Joslyn and Jeremey Ahlgren had one son, 5-year-old Sterling, when they decided to try to adopt a teen. They learned about Glen, then 15, through Florida’s Heart Gallery website.
“Above all, we were drawn to Glen because he likes to look out for other people, and he appreciates an active lifestyle,” Jeremey said
They inquired about him, visited him in his group home, and he then began having overnight stays at their home. In 2014, after a trial period of living with the family, they all decided together that adoption was the way to go.
But not everyone thought it was a great idea.
“When we told people we would be adopting a 15-year-old, they went nuts,” said Joslyn. Only one friend supported the idea, while others thought it would be too difficult, or even dangerous.
That didn’t deter the Ahlgrens. Joslyn had grown up close to her adopted sister, and had always known that she wanted to adopt—preferably an older youth.
“Many of my feelings about adopting a teen stemmed from a very deep sense of injustice needing to be overcome,” she said.
Jeremey, who has worked in community services and as a special needs teacher, was equally interested. He described his own childhood as “pretty chaotic,” but with kind people who helped him out along the way. Adopting was a long-term way to give back.
Learning to relax expectations
Glen had been in a group home for two and a half years before living with the Ahlgrens. He had siblings who had either aged out or been adopted by other families.
Planning to adopt a young man “was a little nerve-racking for me,” said Jeremey, who wondered: “Are he and I going to be like two bulls?”
They adopted Glen, and Glen quickly treated them like his mom and dad. As an adult, Glen ultimately went to live with his biological mother. He is still in touch with the Ahlgrens and knows that they will always be there for him.
“I learned a lot from Glen about managing my own expectations and understanding a child’s draw to their birth family,” Jeremey said. “And it’s been really nice to see Glen relax into himself and find reward in life. He’s started taking care of his mother, and he has a great amount of pride in that.”
After Glen moved out, the Ahlgrens hosted some long-term houseguests, and “took a pause” before trying for another adoption. But one day, a social worker called Joslyn at her work and asked if she would be willing to be put on a list of possible adoptive families for two siblings in need of emergency placement. The social worker told Joslyn that the Ahlgrens were on a short local list of adoptive families who were prepared to take older kids and sibling groups.
“It seemed very out of the blue,” said Joslyn. But she and Jeremey discussed it, and agreed they would add their names to the list, figuring the chances of being chosen were low.
In less than an hour, the social worker called with the news that, as experienced adoptive parents, they were the first choice.
The Ahglrens scurried to resubmit their background checks the next day, and a few days later were able to read the files of Lauren, age 10, and her 14-year-old brother Nelson. Social workers interviewed the Ahlgrens, including Sterling, who was very excited about the idea of more siblings. Within a week, Lauren and Nelson had moved into the Ahlgren home.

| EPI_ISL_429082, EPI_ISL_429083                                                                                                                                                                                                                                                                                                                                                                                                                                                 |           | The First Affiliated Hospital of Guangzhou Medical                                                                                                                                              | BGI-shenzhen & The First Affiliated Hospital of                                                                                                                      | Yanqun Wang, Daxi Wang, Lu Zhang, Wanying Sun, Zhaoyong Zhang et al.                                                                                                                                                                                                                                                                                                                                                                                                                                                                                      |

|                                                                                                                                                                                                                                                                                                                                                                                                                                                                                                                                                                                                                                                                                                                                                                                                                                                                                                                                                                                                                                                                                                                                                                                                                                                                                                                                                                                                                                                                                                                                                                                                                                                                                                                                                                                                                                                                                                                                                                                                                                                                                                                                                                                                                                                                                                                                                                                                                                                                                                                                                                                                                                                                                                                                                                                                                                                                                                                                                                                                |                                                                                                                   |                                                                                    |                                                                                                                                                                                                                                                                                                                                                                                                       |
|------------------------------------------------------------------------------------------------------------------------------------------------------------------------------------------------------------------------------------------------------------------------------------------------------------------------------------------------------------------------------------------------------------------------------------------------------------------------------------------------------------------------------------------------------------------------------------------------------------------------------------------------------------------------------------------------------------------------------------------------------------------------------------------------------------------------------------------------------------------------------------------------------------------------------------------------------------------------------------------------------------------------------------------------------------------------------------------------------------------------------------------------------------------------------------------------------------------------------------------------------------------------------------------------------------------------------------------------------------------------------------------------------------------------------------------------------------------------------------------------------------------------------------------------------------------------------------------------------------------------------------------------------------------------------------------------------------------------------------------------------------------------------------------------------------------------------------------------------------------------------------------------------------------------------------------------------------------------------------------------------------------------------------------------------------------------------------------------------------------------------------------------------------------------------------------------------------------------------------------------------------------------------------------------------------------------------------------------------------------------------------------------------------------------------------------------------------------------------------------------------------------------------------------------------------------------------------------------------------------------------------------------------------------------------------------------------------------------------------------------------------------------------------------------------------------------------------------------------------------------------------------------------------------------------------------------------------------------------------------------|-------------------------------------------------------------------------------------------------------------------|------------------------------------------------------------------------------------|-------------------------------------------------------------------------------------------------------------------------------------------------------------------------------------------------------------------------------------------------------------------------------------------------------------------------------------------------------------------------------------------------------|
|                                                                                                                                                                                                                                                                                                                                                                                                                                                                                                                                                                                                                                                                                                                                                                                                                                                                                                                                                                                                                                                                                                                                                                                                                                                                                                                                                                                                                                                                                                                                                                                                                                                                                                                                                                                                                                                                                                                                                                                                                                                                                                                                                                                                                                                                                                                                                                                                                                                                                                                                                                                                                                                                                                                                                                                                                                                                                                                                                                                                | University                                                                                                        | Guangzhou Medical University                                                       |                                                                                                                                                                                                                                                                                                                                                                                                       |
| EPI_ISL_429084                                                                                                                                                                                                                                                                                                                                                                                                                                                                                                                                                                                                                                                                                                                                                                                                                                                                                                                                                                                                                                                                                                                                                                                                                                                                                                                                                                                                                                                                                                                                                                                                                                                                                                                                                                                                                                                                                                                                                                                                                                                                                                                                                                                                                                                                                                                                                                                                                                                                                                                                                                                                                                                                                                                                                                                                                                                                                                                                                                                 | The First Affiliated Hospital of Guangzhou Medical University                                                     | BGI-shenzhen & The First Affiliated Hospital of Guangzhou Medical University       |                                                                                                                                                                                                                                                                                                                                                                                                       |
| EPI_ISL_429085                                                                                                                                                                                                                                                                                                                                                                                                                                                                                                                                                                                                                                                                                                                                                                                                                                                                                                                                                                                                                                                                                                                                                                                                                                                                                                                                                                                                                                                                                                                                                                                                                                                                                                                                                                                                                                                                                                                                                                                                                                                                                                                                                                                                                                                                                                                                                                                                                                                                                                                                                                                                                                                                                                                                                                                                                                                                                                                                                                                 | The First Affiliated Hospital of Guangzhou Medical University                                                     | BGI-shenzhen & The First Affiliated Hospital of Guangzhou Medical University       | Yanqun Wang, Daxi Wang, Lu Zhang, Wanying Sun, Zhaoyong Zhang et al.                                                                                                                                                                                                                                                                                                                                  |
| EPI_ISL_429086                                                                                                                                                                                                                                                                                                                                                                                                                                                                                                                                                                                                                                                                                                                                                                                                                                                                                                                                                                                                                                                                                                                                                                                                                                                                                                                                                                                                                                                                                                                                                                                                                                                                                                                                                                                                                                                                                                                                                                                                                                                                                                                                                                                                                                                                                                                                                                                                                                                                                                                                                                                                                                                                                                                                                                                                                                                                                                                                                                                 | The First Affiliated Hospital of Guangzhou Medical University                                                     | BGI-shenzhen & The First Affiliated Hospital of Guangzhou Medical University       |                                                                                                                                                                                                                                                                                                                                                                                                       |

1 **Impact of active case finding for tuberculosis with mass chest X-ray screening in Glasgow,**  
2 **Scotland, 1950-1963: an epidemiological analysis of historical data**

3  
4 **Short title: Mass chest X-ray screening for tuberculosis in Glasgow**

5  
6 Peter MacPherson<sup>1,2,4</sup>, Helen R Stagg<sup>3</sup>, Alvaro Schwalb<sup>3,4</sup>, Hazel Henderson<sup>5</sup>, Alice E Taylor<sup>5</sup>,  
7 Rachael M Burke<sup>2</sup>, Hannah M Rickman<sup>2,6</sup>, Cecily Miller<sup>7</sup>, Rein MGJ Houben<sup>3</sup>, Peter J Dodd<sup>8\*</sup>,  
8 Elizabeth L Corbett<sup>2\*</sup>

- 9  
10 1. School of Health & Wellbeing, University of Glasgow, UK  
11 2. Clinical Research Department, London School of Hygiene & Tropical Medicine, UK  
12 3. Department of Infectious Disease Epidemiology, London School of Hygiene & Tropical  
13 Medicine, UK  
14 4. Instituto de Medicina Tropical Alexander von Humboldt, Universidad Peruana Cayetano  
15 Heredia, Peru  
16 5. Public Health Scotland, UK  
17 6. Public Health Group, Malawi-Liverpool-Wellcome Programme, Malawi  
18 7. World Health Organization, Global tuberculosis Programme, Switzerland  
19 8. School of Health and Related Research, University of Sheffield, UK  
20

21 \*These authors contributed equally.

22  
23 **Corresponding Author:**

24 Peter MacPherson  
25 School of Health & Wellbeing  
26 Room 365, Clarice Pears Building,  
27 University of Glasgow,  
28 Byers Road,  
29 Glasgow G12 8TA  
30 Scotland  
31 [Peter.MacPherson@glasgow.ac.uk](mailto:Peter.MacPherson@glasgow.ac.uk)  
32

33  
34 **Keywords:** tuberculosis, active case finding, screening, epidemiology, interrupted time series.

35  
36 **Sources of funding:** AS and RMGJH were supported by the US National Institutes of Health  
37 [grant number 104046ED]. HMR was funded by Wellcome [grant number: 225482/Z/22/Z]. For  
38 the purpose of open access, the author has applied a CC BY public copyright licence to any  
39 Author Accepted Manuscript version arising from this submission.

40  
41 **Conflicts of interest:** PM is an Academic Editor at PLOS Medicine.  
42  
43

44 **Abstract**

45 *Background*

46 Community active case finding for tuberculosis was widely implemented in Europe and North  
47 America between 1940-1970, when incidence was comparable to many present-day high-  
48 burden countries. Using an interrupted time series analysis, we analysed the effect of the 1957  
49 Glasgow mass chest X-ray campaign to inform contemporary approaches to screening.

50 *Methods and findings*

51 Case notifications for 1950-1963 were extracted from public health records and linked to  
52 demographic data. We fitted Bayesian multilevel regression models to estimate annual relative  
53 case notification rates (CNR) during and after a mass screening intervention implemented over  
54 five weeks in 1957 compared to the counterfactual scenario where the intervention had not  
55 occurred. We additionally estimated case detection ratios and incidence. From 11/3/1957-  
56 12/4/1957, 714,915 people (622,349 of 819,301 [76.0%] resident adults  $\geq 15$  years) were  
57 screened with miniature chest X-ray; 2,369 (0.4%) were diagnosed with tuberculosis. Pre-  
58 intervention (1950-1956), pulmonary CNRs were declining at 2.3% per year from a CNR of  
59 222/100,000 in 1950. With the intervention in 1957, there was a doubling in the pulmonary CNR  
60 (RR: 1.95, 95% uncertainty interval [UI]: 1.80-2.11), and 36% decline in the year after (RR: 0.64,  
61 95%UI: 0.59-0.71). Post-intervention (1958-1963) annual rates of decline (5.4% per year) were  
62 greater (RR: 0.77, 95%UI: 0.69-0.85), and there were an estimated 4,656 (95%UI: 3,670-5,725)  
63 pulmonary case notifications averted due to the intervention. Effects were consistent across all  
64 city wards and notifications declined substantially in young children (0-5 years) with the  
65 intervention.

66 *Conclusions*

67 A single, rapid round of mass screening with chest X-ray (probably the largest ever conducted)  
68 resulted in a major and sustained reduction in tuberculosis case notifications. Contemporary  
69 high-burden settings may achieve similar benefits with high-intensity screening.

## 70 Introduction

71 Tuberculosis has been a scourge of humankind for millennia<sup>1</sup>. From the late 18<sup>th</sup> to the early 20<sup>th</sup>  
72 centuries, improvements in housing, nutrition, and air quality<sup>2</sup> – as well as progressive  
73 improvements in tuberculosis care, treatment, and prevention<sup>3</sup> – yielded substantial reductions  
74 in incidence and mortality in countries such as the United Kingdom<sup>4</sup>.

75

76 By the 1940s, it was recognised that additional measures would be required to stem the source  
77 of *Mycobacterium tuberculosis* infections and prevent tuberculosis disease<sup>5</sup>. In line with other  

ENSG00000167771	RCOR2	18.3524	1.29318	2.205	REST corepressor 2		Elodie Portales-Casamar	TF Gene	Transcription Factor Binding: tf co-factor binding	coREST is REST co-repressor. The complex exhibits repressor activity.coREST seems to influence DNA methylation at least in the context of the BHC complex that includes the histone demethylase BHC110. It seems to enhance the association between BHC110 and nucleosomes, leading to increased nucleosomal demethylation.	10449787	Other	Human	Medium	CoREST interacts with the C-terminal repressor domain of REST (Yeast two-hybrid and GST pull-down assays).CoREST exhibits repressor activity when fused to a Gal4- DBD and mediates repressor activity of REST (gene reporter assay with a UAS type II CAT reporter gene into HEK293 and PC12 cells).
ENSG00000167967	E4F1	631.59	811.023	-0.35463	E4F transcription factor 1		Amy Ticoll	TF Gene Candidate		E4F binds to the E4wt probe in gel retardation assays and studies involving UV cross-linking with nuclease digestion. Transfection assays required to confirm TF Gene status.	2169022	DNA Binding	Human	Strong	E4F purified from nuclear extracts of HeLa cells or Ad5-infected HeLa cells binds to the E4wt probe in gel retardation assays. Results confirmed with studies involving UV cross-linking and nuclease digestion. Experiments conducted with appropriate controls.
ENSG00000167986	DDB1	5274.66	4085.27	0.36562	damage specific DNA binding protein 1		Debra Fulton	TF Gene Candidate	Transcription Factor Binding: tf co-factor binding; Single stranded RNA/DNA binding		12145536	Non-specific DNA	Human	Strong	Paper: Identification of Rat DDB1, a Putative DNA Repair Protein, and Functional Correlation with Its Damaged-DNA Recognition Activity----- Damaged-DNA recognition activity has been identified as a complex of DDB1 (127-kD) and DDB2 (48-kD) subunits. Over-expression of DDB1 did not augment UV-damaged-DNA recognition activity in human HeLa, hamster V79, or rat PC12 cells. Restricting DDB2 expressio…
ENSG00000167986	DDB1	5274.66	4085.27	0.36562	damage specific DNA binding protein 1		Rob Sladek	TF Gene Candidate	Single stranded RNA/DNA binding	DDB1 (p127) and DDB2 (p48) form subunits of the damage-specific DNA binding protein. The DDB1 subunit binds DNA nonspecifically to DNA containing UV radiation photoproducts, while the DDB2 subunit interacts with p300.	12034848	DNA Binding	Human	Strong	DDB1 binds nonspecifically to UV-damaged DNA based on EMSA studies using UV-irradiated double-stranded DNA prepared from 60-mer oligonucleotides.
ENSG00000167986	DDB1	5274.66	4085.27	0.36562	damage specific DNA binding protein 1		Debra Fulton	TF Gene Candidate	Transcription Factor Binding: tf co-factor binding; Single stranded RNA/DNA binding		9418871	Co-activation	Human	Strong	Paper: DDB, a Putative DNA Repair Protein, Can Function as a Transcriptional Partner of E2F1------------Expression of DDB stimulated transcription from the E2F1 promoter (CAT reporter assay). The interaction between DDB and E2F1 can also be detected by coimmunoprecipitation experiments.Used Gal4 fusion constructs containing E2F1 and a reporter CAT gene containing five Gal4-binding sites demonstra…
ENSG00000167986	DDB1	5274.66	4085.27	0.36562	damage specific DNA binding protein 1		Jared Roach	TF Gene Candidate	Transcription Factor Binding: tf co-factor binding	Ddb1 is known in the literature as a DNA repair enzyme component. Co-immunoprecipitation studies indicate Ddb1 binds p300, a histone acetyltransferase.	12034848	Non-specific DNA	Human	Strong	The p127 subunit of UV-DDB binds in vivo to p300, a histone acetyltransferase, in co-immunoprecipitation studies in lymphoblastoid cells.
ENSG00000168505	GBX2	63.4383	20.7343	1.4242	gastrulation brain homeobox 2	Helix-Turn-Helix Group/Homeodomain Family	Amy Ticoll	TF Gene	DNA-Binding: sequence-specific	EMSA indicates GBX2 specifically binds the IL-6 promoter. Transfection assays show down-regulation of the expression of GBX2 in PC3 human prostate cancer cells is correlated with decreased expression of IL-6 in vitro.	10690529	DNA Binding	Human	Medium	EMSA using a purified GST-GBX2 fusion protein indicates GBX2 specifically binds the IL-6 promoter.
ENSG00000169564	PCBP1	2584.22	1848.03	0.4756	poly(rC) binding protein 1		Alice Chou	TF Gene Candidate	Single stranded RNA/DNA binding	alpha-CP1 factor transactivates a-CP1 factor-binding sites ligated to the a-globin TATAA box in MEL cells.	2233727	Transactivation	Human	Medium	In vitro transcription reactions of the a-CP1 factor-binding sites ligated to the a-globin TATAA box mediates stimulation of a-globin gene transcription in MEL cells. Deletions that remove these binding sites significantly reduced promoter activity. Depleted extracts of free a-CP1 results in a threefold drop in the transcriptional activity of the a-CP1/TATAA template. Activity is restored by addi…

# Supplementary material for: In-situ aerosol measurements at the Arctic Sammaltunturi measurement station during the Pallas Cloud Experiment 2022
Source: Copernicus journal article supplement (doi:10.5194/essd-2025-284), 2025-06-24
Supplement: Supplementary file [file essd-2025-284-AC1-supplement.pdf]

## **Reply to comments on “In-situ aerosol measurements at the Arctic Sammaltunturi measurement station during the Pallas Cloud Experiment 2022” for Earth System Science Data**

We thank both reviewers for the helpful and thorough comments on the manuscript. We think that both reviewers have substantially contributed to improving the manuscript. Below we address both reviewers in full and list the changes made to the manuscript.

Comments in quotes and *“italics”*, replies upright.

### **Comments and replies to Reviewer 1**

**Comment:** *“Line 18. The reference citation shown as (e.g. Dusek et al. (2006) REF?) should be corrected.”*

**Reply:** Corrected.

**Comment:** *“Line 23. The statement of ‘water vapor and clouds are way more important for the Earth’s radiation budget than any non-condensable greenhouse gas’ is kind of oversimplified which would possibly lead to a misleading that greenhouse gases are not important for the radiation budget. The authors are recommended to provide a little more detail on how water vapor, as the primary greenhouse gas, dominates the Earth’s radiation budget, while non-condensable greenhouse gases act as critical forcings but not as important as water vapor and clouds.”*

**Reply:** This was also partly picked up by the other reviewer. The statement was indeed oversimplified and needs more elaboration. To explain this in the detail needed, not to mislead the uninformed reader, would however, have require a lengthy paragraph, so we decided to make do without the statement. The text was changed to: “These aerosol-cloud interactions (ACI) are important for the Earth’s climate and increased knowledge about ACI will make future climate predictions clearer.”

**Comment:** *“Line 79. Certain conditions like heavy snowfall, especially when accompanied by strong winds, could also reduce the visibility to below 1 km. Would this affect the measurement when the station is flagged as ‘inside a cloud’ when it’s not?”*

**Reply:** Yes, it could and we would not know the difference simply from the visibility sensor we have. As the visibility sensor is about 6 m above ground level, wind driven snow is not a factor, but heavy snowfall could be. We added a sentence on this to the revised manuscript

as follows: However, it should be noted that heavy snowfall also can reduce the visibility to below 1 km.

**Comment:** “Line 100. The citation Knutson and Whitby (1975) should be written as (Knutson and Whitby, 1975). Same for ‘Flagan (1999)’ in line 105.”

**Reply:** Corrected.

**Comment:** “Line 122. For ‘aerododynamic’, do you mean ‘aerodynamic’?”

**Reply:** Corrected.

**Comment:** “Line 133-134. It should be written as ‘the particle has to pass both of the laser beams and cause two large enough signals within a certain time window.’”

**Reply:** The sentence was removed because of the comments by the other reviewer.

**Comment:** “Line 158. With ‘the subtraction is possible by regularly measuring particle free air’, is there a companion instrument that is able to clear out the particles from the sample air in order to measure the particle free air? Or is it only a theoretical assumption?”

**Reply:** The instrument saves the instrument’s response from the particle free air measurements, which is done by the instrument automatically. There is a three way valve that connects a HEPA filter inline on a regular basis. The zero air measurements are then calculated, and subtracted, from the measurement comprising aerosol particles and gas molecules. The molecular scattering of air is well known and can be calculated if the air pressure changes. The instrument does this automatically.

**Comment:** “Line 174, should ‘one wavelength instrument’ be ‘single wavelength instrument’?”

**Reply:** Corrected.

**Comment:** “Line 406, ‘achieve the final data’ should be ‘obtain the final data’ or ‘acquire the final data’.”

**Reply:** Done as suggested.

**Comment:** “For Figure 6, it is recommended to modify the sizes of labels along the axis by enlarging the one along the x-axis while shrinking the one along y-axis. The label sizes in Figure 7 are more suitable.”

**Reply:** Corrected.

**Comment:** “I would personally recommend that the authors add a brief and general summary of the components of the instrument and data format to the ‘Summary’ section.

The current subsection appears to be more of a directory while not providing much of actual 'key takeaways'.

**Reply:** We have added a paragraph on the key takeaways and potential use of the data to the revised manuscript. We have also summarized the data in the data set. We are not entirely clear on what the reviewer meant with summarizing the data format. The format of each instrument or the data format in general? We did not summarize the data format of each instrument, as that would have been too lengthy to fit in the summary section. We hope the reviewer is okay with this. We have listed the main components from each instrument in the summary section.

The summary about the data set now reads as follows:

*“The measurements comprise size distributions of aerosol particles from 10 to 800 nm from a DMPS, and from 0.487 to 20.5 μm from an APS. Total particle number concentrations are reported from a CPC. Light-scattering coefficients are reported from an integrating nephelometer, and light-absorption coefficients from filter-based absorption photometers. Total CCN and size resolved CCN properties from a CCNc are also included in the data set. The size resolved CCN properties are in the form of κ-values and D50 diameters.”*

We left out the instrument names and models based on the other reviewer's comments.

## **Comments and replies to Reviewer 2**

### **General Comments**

“Beforehand you get butterflies because you don’t know the kids and if they are going to accept the new environment, but when they knocked on the door and we introduced ourselves, it all felt pretty natural,” said Jeremey.
He says their sibling bond helped. “They were very close and they relied on each other a lot and looked to each other for support. We never tried to do anything to discourage that.”
The kids were talkative, and the Ahlgrens encouraged communication. “It was very evident to us that they wanted to talk about things and share about their past and they wanted to live in those memories for a bit,” said Joslyn.
The family found many ways to have fun together, through basketball, camping, and other nature adventures.
Some behavior issues surfaced, including skipping class, and, in one case, stealing money. But the Ahlgrens, who say they are fairly strict and provide a lot of structure, lean heavily on empathy, in part because of their own backgrounds.
“Both of us saw and experienced some challenges in our youth, so I think that gives us a good healthy perspective regarding where our kids are coming from,” said Jeremey.
One big message? “Making a bad choice does not make you a bad person,” said Joslyn. “We’re still going to love and care for you and guide you on a better path.”
Adopting a teen, and adopting siblings, has helped the Ahlgrens play a part in changing a culture they find can be too fixated on a narrow idea of “normal.”
“I think we need to approach ‘normal’ differently,” said Joslyn. “I’m so glad to be able to play a part in readjusting how people view that—adopting older kids or adopting siblings is something I hope more people can lean into. It can make a big impact.”
The Ahlgrens are featured in our podcast, Navigating Adoption: Presented by AdoptUSKids. Listen to them tell their adoption story.